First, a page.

Striano is also reminding everyone of the imperatives of “washing your hands for at least 20 seconds with soap and warm water multiple times throughout the day and after you have touched surfaces, before and after going to the bathroom and before touching your face or eating.”   

Students can speak with a nurse by sending an email to to schedule a time to ask general health questions or questions about COVID-19.  They can use the same email to schedule an appointment with the school physician during the hours of Monday 2:30 p.m. to 4:30 p.m. and Thursday from 9 a.m. to 11 a.m. or at other specific times as scheduling allows. 

COVID-19 News, Featured News, News

COVID-19: Public Health Education Graduate & Professor Dispatches

A picture of Ashley Trommelen

Ashley Trommelen is an adjunct faculty member in the public health education program. She is responding to COVID19 as an employee for the Atlantic Health System.

These days Ashley Trommelen dresses for work a little differently. She stands outside in personal protective equipment at the coronavirus drive-thru testing site for the Atlantic Health System in Morristown, New Jersey.  A health educator for AHS, she is situated adjacent to a security guard and holds up two signs – one requesting all car windows remain up until instructed by a nurse and the other with a phone number for the registration tent.  It is a testing site for patients who have a prescription from an Atlantic Medical Group provider. Trommelen, an adjunct faculty member in Caldwell’s bachelor’s of public health education program, confirms each patient’s identification via his or her license held up to the window and writes each person’s initials with soap on the window before the car may advance to the next step. Often she will say, “Feel better” through the window and patients will respond, “Thank you.” Trommelen is grateful to be one of the many health care workers who are addressing the COVID-19 needs. “I’m proud to work for the system, to be able to make a little positive impact.” In the fall, Trommelen will be teaching Epidemiology and plans to incorporate the COVID-19 pandemic as much as possible. “I never thought I would witness a pandemic so early in my career but plan to teach my students about the crucial roles public health workers played in this situation.”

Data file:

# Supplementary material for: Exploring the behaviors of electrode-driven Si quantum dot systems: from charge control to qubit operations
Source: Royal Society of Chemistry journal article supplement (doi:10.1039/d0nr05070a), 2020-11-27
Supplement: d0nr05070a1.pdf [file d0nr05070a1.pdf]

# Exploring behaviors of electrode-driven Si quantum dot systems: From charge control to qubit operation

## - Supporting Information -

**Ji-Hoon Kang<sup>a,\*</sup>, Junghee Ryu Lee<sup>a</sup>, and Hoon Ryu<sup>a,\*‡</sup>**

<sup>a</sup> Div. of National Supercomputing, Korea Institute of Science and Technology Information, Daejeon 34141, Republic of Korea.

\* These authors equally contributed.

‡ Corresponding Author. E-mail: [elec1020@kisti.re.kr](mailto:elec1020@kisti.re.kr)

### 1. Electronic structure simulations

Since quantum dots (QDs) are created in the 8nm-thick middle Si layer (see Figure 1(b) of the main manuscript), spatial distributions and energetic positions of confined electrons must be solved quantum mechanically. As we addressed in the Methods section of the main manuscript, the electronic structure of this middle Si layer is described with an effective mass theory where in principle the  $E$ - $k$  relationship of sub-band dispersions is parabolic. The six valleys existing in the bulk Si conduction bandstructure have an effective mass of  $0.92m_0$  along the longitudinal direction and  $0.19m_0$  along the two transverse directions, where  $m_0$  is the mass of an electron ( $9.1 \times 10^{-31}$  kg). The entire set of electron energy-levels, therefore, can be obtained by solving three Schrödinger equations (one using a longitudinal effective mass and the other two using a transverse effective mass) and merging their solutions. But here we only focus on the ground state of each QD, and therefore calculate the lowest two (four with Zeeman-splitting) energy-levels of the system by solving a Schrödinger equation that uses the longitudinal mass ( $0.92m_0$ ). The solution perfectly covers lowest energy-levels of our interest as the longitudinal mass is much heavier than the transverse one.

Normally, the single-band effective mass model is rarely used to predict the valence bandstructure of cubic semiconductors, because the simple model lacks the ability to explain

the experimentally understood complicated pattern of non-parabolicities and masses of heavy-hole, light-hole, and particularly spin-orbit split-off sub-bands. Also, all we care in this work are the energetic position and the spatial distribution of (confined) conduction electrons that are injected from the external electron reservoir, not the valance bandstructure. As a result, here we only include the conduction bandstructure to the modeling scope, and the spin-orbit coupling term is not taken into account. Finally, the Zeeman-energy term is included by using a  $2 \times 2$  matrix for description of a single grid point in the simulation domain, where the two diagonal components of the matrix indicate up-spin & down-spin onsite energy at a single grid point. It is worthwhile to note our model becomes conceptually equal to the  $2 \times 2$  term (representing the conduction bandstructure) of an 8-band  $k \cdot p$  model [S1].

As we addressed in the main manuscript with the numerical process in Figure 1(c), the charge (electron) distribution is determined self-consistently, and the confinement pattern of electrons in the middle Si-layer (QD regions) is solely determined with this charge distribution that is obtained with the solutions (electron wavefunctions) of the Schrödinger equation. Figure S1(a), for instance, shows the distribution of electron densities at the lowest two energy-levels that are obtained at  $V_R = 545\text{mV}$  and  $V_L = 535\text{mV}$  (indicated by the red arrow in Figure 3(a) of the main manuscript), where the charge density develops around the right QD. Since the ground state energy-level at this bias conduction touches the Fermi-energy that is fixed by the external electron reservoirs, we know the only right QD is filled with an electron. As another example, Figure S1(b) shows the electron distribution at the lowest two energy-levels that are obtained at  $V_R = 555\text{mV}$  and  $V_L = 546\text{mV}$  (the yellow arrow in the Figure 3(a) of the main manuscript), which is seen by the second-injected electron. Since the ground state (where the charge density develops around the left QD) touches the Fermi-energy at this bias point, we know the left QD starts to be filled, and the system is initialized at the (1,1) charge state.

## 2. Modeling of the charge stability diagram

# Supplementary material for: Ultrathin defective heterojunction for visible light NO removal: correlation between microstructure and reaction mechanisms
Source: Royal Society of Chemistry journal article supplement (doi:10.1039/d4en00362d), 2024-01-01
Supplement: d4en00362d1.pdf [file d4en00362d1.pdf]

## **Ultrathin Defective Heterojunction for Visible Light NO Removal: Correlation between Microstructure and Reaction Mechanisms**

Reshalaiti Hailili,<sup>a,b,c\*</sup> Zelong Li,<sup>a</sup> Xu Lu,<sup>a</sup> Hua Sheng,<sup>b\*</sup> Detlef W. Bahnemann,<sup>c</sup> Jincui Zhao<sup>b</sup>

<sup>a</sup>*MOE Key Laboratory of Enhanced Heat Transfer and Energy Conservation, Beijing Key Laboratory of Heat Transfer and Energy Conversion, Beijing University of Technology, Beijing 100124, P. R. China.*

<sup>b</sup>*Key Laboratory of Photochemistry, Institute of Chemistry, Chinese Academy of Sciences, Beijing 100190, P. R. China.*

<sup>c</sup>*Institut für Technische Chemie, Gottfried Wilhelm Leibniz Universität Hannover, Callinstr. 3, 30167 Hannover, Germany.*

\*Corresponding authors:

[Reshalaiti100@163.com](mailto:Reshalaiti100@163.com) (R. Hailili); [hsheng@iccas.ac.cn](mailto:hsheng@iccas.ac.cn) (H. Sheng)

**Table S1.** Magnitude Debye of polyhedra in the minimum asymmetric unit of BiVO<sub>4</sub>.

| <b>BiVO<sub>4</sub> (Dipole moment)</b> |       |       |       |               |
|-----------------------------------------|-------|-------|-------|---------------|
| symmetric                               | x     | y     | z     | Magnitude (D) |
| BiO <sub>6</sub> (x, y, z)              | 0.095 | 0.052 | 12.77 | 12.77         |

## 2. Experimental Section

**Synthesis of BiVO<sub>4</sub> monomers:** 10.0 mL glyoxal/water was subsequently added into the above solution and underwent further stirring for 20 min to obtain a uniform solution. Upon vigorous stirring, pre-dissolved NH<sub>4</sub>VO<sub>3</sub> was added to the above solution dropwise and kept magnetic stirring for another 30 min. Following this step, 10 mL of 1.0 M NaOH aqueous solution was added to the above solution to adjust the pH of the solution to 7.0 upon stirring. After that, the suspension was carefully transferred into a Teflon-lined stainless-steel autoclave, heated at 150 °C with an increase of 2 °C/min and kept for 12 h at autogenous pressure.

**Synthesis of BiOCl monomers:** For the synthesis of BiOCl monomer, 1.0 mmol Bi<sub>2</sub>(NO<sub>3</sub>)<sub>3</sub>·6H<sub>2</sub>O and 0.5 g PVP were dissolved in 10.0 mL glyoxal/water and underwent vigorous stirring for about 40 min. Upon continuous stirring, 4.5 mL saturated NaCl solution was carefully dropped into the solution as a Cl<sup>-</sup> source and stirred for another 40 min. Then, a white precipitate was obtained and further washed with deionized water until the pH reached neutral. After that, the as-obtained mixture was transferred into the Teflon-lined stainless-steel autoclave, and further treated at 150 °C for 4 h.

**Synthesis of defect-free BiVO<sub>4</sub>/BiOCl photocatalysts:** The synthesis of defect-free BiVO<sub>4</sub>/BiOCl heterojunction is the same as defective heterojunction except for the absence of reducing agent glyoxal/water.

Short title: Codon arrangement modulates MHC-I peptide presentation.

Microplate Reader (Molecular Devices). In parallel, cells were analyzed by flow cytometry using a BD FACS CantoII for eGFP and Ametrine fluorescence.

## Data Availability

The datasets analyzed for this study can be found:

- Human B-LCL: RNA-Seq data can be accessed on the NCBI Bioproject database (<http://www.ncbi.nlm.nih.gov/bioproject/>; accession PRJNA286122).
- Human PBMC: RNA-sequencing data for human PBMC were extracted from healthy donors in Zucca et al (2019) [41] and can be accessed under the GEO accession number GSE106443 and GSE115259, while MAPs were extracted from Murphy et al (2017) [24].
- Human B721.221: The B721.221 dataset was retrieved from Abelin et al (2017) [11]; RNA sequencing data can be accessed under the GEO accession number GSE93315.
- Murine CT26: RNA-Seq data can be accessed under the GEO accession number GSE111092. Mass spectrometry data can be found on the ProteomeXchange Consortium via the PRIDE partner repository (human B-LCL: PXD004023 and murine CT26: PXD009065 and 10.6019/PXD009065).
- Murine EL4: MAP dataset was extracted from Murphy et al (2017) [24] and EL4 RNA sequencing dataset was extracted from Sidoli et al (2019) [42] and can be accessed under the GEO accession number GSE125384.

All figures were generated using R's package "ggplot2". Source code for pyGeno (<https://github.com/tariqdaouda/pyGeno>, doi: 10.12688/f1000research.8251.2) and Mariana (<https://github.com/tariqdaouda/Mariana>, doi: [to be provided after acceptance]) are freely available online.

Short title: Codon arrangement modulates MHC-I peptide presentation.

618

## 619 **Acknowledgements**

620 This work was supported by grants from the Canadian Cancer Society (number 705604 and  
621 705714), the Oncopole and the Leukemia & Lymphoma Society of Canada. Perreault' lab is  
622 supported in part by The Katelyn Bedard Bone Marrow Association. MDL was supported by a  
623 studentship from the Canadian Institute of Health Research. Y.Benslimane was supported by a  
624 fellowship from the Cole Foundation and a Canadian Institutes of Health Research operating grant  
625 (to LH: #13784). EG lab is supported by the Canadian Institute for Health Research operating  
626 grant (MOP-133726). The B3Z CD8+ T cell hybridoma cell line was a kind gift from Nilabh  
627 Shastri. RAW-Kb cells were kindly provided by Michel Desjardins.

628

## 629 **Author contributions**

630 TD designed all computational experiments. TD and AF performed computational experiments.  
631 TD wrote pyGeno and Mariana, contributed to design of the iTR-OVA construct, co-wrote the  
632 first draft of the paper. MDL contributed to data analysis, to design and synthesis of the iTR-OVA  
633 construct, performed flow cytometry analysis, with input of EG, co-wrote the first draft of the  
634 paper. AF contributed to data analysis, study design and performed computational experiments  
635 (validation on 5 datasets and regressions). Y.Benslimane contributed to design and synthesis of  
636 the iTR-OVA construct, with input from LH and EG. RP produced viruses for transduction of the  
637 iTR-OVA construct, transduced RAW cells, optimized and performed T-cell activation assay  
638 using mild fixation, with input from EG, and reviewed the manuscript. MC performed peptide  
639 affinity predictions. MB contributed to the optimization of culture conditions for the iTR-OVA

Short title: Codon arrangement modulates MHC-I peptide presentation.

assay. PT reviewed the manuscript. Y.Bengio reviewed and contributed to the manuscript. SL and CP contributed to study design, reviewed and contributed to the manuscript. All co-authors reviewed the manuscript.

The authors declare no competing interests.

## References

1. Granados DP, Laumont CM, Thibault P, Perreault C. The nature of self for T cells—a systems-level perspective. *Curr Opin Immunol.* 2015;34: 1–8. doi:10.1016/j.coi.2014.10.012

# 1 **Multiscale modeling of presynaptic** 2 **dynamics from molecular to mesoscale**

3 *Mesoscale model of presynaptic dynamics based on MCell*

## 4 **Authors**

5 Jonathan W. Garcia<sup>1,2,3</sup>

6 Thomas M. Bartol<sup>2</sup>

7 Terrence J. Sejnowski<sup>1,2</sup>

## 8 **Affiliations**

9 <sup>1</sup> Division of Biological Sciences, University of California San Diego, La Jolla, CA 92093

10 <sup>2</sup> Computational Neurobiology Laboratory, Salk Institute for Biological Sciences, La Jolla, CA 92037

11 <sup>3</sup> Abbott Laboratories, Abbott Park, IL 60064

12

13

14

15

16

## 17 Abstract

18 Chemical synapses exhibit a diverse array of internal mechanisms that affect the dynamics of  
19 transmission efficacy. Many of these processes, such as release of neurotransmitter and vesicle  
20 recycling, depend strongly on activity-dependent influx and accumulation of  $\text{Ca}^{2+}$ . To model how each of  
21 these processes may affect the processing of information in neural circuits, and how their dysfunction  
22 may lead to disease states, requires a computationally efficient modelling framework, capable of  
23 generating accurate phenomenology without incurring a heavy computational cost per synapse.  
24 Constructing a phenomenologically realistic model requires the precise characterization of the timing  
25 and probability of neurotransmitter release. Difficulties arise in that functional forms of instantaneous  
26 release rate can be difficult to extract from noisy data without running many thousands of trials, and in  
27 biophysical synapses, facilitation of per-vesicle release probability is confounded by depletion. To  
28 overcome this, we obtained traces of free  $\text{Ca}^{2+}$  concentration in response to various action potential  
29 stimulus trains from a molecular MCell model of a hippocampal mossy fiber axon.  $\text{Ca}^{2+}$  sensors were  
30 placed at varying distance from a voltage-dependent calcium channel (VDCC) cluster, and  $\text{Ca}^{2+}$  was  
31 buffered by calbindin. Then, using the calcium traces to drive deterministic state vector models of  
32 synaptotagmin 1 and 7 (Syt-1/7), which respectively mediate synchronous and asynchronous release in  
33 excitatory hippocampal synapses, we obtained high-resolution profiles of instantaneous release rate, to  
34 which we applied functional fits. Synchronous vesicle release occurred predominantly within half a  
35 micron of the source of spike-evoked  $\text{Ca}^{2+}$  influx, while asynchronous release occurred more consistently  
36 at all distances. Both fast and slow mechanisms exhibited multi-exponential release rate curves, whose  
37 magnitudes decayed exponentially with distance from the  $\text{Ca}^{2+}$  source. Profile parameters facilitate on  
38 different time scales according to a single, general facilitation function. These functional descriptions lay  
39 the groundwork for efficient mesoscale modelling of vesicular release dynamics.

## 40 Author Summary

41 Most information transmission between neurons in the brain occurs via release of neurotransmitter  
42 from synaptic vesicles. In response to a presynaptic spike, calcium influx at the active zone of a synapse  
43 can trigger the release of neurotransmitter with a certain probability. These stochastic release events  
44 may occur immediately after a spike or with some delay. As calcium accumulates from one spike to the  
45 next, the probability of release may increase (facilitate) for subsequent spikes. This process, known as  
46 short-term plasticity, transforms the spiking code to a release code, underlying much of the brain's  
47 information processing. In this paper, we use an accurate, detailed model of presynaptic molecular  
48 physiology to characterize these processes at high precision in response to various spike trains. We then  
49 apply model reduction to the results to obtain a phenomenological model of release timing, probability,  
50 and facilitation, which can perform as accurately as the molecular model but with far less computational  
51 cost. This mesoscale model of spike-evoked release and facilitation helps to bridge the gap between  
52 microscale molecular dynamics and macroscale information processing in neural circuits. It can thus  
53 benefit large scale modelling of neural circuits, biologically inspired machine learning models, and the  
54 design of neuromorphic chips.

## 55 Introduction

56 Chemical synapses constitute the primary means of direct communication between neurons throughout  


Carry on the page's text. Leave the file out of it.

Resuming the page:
A picture of Samantha Areson

Samantha Areson ’19 is working in telemedicine at Overlook Medical Center in Summit.

Samantha Areson ’19 feels she was prepared for the possibility of a pandemic and that she would play a role in it as a health care worker.  Her professors in the bachelor’s in public health education at Caldwell readied the students to be “at the forefront” of a pandemic or epidemic, says Areson, who is working in telemedicine at Overlook Medical Center in Summit. Normally a health educator in community health in Union County, in response to COVID-19, Areson was recently redeployed to create the structure for virtual visits with doctors and the follow-up app.  “We are playing a big part in easing patients’ minds that they can see a doctor and not come to the office. And we are keeping the office staff and the other patients healthy.” Even though this is her first job out of college, Areson says she was not nervous about adjusting to her new duties so rapidly. “A lot of people are coming together…my bosses prepared me well for the reassignment…and I also have support from Caldwell because I know I can email my past professors at any time for guidance!”

A picture of Beatrice Turenne

Beatrice Turenne is an adjunct faculty member in the public health education program and a mental health professional. In response to the pandemic, she has been working on the Disaster Mental Health Line for the NJ Mental Cares Call Center through the Mental Health Association of New Jersey,